By CAMILLE BOND ’17
This January, the World Jewish Congress attempted to call attention to one of the many unhealed scars left by World War II: the inconceivable amount of stolen wealth that has yet to be returned to the Jewish community.
The World Jewish Congress urged the German government to prioritize finding for returning the vast collection of stolen artwork currently housed in homes and museums. The statement was probably provoked in part by the discovery of approximately 1,500 works of stolen art in the apartment of German citizen Cornelius Gurlitt. Though the hoard was discovered in 2011, the discovery was only made public in November.
At the beginning of World War II, with the German economy completing faltering, the Nazis took to looting art, jewels and other precious items from the territories they invaded, raiding both private collectors, often Jewish, and museums.
The dollar value of the stolen wealth was enormous—easily amounting to hundreds of millions of dollars—and nearly 70 years after the war, much of it has yet to be returned.
An article in LIFE Magazine’s October 2013 issue on “The Most Notorious Crimes in World History” estimated that there are still hundreds of thousands of unreturned works of art—the last prisoners of World War II.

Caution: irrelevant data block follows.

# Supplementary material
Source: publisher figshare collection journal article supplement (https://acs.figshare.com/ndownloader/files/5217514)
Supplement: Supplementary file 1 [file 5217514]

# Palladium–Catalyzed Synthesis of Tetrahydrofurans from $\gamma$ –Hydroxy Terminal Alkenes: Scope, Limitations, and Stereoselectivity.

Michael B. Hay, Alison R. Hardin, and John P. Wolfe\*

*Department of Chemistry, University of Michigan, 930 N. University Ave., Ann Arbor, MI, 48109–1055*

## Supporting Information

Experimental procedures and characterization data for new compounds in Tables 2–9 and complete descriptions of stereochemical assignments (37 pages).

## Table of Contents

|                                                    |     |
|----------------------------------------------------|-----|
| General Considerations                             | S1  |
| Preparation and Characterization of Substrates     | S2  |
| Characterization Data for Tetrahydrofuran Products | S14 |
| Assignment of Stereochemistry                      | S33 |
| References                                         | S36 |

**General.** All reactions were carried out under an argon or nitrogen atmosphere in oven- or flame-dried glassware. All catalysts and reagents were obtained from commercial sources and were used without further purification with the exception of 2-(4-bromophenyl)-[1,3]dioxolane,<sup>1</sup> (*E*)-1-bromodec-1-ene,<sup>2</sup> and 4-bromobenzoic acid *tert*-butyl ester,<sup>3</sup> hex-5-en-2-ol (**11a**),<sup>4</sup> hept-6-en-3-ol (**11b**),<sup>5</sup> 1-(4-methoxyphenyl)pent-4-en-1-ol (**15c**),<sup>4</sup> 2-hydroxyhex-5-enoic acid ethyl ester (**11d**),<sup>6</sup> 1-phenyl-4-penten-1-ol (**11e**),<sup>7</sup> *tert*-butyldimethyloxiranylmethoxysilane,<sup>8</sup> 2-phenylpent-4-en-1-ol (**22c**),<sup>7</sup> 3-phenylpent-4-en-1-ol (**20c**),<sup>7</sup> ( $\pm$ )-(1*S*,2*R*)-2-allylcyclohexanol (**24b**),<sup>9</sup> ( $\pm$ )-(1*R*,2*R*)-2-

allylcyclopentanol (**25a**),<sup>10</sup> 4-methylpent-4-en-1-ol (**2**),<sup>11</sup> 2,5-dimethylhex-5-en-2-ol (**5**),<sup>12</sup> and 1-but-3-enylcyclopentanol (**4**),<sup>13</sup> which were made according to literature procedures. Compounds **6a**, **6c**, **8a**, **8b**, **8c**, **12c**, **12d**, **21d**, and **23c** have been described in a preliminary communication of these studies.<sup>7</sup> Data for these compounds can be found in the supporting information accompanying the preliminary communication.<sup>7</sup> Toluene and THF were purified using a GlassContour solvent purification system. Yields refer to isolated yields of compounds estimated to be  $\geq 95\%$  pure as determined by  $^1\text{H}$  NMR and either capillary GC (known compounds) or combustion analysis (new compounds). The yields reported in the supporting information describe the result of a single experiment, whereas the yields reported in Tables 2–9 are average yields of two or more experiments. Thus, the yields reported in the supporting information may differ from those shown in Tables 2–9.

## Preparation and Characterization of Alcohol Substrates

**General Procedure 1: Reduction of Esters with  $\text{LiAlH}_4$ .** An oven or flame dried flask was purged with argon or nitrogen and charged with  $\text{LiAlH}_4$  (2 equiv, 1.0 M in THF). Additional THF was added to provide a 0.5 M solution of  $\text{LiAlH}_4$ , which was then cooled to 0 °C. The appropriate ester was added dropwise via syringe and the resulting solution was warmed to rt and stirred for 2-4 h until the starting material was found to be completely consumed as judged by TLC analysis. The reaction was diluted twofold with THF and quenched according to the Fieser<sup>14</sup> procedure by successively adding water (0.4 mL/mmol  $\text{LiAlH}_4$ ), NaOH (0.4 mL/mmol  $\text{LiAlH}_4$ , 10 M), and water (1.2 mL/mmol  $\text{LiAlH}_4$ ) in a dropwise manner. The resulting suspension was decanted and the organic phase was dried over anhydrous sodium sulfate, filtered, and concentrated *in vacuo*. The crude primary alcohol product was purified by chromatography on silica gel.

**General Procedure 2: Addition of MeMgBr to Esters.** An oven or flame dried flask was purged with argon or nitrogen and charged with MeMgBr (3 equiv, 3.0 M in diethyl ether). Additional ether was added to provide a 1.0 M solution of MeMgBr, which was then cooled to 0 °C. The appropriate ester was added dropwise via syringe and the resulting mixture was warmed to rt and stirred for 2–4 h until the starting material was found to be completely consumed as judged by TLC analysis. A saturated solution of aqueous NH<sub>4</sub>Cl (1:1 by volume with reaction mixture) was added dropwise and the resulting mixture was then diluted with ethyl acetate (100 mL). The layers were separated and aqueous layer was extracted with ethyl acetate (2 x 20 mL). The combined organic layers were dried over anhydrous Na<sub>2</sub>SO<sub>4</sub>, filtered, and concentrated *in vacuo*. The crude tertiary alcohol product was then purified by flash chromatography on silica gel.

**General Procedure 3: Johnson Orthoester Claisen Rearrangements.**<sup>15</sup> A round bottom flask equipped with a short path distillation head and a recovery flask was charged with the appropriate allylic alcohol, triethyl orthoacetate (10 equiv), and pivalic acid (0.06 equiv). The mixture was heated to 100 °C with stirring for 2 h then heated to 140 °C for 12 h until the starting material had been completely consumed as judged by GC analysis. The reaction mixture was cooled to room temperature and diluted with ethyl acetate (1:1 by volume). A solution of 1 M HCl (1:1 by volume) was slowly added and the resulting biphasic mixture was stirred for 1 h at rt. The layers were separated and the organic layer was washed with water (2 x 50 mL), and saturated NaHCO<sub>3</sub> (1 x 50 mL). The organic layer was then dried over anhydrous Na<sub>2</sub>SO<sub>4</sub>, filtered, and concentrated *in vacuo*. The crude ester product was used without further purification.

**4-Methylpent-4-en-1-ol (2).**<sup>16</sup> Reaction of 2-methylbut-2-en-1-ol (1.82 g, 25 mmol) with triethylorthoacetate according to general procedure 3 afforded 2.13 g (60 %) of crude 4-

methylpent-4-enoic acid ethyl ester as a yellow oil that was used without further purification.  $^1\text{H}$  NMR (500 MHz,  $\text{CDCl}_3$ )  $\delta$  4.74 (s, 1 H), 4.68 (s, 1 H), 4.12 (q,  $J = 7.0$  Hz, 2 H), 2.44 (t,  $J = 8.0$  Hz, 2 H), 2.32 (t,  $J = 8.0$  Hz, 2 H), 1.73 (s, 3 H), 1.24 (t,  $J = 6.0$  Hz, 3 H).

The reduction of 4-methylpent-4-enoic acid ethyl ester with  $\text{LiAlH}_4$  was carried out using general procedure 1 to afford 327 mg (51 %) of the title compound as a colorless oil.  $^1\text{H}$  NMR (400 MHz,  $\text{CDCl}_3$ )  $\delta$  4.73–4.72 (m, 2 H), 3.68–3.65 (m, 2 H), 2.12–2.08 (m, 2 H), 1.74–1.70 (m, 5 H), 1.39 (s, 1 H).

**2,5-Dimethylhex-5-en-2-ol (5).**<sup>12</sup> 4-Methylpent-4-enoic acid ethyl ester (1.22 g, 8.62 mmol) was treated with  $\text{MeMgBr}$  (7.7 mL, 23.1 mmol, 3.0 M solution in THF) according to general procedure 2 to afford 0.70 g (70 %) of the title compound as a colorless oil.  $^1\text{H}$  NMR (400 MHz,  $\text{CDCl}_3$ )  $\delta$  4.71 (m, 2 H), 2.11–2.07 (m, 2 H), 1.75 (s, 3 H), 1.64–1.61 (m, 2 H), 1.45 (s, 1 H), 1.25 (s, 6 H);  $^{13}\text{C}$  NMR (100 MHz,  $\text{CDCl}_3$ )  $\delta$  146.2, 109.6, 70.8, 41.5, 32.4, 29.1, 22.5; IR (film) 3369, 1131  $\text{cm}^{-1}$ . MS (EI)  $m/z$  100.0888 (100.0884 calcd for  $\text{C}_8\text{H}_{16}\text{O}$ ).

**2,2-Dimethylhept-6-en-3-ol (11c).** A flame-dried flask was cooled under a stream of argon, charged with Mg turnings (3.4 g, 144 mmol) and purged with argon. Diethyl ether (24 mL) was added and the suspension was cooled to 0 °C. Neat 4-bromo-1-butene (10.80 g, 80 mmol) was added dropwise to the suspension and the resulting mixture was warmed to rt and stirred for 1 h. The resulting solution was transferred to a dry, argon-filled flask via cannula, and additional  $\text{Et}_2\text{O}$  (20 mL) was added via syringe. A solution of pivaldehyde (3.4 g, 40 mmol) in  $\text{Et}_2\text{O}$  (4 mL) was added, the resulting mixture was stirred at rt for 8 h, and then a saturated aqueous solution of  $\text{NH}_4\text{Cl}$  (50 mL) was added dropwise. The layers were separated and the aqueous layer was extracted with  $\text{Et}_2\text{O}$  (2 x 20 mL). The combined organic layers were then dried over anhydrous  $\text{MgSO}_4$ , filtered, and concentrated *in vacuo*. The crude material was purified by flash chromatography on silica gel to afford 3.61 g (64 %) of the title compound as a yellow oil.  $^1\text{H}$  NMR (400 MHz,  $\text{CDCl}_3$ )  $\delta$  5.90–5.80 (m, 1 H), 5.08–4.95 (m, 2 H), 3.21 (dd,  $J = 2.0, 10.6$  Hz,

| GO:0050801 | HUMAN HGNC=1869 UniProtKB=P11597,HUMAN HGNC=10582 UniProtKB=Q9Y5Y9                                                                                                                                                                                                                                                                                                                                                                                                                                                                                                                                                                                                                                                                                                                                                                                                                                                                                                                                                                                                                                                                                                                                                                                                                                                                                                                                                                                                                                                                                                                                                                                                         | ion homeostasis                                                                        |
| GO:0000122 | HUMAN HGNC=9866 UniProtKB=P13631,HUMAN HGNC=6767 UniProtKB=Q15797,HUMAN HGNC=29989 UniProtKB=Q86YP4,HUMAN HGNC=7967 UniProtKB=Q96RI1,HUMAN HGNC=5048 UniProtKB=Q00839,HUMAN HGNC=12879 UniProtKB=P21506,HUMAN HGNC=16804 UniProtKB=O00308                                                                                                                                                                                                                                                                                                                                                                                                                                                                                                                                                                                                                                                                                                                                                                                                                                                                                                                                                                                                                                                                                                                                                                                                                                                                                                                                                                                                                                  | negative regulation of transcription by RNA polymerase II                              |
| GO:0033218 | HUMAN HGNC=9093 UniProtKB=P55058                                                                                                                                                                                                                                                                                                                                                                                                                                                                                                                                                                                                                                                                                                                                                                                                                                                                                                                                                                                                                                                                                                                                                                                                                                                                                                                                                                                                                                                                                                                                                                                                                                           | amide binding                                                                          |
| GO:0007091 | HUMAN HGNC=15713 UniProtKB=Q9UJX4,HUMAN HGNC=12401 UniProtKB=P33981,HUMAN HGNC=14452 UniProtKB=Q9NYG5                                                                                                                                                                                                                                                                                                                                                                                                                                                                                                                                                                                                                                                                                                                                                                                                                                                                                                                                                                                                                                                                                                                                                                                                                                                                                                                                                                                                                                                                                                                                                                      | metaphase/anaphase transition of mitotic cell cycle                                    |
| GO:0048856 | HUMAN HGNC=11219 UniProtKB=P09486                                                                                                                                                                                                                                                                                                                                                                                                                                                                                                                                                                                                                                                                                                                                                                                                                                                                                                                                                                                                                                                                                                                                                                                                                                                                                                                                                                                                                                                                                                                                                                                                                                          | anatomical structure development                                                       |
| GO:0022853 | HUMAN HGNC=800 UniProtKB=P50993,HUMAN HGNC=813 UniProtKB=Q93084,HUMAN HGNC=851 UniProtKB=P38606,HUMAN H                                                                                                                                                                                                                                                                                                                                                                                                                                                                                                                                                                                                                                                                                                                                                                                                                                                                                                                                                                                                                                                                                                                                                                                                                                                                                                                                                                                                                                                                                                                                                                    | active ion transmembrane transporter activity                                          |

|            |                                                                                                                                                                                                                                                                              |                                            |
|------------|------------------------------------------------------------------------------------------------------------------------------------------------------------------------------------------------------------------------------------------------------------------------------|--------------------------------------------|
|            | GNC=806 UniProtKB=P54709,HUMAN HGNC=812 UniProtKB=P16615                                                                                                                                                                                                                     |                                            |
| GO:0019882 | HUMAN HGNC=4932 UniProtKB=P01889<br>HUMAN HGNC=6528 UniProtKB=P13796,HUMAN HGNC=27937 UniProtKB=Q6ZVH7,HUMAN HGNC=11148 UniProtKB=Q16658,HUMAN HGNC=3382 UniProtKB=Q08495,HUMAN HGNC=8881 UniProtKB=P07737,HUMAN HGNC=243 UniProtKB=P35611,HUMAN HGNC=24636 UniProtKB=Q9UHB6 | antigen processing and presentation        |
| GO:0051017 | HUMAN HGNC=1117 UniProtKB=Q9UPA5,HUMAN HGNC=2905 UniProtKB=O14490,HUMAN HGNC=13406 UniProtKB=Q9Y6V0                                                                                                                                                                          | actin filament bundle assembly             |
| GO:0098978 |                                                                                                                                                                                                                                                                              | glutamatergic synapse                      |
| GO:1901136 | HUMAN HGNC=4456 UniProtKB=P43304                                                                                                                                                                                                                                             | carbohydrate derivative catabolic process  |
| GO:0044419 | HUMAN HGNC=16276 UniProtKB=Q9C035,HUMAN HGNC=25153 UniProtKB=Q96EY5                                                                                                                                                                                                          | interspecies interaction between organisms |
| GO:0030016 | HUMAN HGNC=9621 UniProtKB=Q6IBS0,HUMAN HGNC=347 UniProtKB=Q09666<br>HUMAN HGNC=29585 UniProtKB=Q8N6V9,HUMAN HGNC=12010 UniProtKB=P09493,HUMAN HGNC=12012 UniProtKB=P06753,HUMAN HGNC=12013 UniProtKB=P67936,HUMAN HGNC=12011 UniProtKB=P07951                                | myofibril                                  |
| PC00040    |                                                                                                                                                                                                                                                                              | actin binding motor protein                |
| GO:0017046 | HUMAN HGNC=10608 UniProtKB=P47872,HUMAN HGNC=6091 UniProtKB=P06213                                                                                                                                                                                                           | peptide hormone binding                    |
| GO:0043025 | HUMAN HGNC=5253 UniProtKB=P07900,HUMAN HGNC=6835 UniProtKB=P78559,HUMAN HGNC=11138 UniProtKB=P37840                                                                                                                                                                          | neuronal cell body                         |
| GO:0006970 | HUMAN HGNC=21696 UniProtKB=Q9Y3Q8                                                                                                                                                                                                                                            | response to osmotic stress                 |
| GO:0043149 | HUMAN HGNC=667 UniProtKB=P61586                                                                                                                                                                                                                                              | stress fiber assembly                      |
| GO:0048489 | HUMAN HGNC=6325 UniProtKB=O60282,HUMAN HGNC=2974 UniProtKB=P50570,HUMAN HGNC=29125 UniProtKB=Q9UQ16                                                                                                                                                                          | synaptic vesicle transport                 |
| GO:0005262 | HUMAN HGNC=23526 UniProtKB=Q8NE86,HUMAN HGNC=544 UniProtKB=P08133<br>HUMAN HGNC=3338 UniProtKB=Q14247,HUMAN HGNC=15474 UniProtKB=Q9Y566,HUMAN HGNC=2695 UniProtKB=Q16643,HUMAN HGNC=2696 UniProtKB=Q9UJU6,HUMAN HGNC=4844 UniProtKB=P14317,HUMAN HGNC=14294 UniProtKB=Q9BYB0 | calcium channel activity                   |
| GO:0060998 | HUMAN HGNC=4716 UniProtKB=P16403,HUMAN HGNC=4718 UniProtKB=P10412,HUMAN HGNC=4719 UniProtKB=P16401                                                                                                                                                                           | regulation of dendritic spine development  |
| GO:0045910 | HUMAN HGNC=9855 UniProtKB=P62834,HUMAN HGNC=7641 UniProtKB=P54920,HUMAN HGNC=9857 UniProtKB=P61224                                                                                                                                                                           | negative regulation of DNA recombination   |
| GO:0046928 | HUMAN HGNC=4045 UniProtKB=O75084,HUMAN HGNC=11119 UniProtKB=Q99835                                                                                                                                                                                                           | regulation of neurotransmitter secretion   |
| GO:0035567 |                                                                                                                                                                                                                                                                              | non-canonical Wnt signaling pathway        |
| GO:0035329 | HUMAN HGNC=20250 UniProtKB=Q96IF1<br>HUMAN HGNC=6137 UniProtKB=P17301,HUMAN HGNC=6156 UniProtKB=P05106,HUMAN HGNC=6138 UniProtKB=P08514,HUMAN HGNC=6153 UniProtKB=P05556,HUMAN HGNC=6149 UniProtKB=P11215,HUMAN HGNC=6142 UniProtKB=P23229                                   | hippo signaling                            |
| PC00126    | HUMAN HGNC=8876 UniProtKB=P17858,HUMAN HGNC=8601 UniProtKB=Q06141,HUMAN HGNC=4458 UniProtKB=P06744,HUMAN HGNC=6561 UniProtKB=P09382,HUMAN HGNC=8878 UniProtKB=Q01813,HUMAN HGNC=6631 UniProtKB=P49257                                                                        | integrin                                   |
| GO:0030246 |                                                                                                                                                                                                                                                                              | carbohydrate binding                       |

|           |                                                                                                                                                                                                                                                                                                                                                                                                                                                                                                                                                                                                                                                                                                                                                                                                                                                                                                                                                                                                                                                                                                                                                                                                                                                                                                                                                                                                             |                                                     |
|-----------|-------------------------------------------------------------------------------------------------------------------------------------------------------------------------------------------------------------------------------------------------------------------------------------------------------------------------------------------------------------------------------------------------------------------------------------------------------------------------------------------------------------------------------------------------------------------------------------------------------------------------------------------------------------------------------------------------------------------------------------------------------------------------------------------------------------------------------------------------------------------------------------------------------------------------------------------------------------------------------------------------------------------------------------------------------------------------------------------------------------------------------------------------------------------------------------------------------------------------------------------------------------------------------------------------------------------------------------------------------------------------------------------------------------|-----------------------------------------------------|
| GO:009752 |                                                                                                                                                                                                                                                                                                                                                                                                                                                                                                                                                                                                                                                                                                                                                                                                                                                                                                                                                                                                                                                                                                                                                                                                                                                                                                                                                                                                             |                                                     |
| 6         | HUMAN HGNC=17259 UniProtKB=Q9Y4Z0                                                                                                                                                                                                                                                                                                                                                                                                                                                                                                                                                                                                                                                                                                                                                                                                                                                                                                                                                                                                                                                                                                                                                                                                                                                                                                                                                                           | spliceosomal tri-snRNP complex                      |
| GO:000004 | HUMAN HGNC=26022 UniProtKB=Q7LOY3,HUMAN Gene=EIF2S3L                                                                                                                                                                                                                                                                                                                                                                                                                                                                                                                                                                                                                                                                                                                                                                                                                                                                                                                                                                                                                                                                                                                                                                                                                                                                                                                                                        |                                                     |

Undoubtedly, the German government has a responsibility to correct the large-scale theft. Although the media spotlight has fixated on this issue in recent months, it’s still dangerously easy for the international community to forget about the lost.
As with gun control legislation in the United States, any progress on such issues occurs in small installments, provoked by specific incidents, and loses momentum quickly once public attention shifts. The result in the case of the stolen art is a lack of steady pressure on the German government to increase its efforts to find the lost caches of stolen artwork.
Of course, it is infinitely harder for the German government to return stolen works of art than to make reparations in cash—and finding the stashes of artwork is only one complication. Current German laws can’t force museums or individuals to hand over looted artwork.
According to a recent article in “The Economist,” Gurlitt has not returned any of the artwork that was discovered in his apartment in 2011. Even after stashes are uncovered, deciding to whom the art should be returned is a complex problem.
In order to make any real headway on the issue, the World Jewish Congress has called for changes in German legislation, as well as the establishment of an international commission to help track down the heirs of the art’s rightful owners. German authorities have responded positively to the pressure, announcing intentions to double state funding for the search for stolen artwork. Hopefully, the international public will maintain its focus on the issue, and will continue to pressure Germany to make further progress on what is undoubtedly an important issue.